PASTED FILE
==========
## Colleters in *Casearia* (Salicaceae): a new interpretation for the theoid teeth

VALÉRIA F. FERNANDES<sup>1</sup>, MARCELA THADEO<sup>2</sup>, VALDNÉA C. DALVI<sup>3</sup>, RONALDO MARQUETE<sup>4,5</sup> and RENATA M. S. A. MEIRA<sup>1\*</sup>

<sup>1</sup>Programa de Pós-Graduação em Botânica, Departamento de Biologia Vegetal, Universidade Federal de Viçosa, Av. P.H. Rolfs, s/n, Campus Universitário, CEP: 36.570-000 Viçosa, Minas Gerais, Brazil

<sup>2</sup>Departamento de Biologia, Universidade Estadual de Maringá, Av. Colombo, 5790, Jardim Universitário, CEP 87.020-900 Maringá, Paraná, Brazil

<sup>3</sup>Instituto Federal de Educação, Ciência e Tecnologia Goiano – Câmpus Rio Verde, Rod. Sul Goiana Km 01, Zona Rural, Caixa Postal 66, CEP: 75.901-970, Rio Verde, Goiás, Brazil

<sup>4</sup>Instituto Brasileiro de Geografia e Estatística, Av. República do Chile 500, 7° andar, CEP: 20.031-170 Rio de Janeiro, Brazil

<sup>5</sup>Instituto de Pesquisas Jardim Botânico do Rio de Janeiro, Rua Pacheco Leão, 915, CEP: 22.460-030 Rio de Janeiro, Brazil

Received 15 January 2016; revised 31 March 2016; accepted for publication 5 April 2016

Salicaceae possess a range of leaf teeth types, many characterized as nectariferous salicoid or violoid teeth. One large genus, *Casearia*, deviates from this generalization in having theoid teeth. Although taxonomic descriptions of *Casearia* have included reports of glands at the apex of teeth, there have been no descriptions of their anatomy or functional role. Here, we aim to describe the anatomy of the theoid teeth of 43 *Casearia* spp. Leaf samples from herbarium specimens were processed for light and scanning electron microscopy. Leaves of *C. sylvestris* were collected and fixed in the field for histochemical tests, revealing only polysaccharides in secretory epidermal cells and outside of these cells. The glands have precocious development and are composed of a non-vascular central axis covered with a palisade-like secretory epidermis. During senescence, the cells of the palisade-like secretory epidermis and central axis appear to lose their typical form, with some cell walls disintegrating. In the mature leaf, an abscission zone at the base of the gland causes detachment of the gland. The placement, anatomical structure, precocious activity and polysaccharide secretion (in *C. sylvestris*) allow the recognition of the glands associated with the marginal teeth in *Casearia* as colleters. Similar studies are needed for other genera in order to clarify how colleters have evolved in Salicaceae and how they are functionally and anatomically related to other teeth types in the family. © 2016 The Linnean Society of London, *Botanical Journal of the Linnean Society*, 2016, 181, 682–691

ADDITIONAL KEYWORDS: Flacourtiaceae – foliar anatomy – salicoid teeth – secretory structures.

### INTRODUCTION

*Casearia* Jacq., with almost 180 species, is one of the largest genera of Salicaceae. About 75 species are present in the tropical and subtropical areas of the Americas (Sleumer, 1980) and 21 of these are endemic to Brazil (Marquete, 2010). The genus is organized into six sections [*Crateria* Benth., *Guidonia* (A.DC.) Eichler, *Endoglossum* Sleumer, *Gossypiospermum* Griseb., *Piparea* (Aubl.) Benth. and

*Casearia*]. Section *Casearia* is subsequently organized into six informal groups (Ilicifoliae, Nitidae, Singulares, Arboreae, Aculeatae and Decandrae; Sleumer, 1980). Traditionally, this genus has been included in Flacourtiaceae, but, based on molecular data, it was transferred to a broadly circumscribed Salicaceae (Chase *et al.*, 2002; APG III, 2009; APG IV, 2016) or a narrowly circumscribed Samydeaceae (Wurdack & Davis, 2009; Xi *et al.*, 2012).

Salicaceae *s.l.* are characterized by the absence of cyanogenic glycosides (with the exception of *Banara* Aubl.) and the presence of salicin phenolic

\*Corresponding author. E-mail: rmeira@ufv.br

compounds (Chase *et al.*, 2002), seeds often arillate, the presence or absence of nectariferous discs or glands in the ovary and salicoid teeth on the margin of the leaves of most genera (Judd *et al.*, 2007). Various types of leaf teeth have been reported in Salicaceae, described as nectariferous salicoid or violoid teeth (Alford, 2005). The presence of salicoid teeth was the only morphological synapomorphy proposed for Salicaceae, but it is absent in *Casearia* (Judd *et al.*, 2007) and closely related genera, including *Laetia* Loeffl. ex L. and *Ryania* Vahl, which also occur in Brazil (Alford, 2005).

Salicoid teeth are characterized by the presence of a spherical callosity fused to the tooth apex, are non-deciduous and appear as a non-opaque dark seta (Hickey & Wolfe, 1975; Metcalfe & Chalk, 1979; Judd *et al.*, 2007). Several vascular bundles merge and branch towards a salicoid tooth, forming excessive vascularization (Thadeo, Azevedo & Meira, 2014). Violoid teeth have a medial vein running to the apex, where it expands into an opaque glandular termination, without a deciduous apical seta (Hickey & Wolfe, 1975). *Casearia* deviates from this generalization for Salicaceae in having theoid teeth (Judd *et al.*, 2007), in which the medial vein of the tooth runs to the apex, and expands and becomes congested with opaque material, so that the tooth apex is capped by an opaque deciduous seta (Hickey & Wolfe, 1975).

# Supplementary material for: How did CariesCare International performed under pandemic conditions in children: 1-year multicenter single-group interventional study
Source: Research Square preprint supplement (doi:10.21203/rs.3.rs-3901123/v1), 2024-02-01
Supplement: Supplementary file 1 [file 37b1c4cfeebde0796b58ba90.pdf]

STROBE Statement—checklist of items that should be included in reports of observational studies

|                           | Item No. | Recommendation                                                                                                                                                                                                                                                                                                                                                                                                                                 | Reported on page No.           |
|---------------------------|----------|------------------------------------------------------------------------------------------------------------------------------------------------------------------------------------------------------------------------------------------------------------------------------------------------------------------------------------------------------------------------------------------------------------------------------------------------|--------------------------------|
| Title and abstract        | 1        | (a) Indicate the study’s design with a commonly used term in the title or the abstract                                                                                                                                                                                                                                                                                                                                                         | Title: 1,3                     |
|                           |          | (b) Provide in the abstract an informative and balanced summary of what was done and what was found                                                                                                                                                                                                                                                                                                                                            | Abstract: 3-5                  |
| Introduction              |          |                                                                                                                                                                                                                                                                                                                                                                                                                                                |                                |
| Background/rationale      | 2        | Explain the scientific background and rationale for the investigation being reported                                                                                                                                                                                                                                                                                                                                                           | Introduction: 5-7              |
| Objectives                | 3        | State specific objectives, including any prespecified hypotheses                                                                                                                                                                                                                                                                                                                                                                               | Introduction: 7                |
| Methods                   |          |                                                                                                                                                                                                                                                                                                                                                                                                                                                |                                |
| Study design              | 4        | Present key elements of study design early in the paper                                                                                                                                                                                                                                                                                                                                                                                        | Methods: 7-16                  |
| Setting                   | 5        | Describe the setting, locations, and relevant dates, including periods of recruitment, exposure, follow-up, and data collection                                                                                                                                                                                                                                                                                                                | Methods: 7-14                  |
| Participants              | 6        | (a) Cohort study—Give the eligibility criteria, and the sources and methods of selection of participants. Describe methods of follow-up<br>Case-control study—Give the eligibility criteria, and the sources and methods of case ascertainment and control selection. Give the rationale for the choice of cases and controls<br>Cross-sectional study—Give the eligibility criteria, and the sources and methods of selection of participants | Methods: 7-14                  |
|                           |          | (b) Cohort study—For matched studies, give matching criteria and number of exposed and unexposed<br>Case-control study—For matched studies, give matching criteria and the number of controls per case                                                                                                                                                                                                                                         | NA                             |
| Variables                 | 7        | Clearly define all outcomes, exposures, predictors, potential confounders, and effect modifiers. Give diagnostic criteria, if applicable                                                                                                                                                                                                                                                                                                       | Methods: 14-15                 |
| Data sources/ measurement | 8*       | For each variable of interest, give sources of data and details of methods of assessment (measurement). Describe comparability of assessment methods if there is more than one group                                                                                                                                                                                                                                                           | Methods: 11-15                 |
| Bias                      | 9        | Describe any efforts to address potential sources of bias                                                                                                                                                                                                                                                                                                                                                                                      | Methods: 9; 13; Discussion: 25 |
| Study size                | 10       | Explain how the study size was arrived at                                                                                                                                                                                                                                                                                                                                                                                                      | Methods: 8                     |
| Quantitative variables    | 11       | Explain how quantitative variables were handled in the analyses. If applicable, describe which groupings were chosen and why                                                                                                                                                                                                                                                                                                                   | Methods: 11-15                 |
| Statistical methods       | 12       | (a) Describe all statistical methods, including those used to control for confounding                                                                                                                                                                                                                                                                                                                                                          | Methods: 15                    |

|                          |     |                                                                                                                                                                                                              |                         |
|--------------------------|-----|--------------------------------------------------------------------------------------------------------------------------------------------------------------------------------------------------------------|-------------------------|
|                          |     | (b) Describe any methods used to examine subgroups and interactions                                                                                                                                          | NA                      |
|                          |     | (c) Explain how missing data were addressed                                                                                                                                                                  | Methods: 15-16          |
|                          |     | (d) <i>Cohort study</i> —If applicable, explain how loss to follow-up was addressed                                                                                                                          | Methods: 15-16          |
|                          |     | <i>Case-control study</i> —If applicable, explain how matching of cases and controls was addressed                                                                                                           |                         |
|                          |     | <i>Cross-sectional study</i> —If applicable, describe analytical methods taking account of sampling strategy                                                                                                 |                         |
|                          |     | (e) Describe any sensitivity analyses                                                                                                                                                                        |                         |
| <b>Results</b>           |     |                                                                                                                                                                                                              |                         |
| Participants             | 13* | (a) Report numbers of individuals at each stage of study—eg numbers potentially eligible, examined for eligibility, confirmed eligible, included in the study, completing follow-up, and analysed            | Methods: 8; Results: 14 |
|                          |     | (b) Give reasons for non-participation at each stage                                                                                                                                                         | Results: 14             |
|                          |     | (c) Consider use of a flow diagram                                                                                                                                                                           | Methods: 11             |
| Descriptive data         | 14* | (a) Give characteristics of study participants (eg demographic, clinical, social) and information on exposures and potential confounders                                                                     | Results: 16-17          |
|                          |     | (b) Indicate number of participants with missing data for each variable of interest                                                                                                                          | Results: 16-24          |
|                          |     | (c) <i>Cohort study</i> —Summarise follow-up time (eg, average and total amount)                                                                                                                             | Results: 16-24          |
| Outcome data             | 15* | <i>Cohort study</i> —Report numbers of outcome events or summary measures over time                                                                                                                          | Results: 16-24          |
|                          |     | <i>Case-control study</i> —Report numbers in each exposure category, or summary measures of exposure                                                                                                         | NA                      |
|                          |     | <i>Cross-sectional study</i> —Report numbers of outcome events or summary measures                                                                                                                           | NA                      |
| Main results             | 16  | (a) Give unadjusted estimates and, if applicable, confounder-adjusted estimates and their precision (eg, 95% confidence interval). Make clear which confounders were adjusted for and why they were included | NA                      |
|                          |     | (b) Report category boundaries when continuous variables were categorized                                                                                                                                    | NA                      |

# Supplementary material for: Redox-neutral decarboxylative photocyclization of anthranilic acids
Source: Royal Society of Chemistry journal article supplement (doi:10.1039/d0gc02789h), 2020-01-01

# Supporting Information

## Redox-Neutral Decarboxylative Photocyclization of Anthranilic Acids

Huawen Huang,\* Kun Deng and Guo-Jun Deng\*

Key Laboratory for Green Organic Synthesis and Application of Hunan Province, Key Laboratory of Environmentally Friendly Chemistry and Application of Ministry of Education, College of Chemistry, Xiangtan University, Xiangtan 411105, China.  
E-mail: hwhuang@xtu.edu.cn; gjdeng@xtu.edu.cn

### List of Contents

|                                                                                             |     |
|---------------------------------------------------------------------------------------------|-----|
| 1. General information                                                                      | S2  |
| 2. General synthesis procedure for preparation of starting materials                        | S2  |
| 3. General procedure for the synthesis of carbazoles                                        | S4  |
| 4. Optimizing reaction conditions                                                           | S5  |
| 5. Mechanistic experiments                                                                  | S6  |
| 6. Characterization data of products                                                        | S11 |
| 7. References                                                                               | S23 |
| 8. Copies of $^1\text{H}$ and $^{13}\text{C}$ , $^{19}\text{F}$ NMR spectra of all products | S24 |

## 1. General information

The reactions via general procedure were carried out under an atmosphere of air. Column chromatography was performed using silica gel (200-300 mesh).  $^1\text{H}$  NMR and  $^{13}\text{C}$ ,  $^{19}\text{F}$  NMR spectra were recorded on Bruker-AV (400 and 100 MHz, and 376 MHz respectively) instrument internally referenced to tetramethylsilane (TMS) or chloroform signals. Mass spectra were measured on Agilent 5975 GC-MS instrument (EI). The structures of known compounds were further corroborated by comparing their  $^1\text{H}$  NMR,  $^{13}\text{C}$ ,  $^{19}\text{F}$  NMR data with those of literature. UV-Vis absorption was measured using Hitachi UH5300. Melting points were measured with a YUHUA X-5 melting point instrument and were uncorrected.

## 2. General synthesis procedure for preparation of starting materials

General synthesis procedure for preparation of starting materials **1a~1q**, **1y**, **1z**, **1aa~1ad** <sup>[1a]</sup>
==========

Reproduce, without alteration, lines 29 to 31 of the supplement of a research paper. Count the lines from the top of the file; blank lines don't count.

| Methods                   |          |                                                                                                                                                                                                                                                                                                                                                                                                                                                |                                |
| Study design              | 4        | Present key elements of study design early in the paper                                                                                                                                                                                                                                                                                                                                                                                        | Methods: 7-16                  |
| Setting                   | 5        | Describe the setting, locations, and relevant dates, including periods of recruitment, exposure, follow-up, and data collection                                                                                                                                                                                                                                                                                                                | Methods: 7-14                  |